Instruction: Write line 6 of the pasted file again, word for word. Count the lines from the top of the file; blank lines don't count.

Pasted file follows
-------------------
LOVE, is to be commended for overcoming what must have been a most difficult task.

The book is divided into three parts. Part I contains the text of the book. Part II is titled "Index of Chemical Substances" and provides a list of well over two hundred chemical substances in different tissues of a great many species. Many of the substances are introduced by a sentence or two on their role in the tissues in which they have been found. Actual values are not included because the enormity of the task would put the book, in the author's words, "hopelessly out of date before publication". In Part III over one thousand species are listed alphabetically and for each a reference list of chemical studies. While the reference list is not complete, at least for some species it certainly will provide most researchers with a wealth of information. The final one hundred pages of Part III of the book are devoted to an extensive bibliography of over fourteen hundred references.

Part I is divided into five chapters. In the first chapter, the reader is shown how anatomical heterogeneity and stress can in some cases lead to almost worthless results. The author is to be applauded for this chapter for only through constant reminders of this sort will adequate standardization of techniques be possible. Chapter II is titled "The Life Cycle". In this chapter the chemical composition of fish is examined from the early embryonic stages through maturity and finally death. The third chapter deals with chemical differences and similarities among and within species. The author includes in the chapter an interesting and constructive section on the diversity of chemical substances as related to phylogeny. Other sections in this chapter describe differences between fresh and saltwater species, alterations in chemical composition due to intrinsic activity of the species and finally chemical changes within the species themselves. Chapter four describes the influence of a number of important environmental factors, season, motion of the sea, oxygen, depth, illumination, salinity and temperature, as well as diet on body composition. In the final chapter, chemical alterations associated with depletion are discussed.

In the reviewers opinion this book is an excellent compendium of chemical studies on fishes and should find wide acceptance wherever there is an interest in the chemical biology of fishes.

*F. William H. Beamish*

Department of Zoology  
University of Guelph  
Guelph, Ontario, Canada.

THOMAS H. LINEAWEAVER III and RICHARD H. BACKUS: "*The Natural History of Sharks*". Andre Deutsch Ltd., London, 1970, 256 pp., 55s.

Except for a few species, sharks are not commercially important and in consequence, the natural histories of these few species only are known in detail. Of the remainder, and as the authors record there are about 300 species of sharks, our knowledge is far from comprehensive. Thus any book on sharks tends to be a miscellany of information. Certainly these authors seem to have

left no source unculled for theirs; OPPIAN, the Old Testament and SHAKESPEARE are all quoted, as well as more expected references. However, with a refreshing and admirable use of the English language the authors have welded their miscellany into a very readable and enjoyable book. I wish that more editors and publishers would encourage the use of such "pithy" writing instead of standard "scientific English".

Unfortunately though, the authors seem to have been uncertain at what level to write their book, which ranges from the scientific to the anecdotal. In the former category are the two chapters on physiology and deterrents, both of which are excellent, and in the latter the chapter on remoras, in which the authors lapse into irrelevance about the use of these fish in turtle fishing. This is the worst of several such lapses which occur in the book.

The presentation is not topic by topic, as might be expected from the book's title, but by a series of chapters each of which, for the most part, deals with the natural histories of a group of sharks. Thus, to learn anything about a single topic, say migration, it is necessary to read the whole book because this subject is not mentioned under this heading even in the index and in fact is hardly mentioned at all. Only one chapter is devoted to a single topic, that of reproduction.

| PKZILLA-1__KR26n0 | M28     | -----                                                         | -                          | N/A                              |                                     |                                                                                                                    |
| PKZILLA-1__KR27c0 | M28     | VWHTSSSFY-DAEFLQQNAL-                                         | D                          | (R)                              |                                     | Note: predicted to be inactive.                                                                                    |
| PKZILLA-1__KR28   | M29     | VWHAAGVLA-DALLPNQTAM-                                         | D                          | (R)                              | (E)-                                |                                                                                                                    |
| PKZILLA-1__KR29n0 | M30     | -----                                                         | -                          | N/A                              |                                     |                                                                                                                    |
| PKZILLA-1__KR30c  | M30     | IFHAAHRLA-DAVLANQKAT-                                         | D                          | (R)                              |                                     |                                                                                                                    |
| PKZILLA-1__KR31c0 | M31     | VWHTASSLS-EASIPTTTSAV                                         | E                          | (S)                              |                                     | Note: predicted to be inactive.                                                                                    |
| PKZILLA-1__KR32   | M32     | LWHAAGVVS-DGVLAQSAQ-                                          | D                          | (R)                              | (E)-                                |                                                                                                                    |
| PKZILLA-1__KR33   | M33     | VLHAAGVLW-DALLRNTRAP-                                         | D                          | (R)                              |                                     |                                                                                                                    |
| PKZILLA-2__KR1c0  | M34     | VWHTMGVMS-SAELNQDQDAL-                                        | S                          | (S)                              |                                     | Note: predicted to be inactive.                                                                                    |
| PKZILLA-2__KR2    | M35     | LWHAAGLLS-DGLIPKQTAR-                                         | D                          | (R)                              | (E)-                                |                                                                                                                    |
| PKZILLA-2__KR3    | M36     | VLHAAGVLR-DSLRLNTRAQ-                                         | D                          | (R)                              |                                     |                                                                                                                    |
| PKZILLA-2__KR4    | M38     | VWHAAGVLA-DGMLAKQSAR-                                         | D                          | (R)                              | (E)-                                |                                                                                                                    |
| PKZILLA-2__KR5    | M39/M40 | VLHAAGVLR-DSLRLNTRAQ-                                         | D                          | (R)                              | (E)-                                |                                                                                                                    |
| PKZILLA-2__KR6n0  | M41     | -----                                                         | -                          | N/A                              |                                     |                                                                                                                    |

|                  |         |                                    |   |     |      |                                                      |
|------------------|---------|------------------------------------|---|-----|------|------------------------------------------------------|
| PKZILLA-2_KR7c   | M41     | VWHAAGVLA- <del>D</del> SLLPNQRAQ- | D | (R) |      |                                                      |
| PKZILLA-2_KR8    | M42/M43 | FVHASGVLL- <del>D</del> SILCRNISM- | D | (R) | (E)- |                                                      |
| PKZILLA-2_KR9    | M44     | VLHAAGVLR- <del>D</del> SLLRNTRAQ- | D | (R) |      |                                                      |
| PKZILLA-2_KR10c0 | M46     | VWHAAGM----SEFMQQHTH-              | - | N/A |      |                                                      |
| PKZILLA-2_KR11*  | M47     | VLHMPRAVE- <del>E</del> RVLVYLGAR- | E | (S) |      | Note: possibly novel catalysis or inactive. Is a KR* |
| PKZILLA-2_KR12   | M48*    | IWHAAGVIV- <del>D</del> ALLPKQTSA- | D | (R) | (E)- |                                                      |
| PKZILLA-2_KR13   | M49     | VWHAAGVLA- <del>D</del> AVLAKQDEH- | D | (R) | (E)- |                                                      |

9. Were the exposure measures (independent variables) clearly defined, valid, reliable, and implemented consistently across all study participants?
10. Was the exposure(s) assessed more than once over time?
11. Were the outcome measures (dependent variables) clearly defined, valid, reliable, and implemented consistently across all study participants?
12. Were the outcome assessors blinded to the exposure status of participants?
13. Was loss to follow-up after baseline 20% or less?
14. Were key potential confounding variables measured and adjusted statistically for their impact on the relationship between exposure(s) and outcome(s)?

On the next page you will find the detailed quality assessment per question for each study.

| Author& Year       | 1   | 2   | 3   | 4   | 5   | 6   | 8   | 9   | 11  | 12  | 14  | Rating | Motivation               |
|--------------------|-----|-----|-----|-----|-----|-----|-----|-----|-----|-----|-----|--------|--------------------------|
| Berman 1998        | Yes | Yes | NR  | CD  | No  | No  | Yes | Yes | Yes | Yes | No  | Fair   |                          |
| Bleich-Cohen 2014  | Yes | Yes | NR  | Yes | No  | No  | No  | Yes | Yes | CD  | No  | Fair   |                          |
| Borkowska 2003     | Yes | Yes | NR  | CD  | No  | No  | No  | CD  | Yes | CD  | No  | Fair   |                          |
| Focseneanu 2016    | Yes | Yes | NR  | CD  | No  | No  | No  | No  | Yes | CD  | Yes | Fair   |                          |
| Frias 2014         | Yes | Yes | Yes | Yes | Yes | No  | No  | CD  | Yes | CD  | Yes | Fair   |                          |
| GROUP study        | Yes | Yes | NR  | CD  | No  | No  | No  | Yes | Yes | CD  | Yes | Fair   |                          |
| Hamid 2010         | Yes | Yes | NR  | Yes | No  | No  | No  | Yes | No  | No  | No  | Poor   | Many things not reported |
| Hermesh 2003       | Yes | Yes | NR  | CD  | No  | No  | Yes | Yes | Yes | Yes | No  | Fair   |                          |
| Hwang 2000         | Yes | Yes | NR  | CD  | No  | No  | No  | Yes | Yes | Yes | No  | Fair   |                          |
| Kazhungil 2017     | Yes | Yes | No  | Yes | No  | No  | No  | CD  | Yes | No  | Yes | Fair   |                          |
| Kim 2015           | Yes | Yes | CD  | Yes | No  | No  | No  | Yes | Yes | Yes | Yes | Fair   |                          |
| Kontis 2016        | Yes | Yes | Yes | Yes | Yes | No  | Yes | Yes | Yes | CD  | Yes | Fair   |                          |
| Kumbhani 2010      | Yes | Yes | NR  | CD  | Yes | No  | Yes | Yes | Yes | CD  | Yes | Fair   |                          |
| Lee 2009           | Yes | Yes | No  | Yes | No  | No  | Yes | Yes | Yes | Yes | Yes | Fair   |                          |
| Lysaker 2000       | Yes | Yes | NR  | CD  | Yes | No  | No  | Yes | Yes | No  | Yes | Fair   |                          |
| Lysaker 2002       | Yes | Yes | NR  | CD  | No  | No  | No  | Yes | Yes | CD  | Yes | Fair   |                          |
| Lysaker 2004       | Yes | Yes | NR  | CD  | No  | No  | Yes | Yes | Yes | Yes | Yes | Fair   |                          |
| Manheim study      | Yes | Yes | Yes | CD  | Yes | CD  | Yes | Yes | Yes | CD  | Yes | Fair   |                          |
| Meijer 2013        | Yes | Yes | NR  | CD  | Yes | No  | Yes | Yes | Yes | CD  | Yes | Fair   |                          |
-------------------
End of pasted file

Department of Zoology  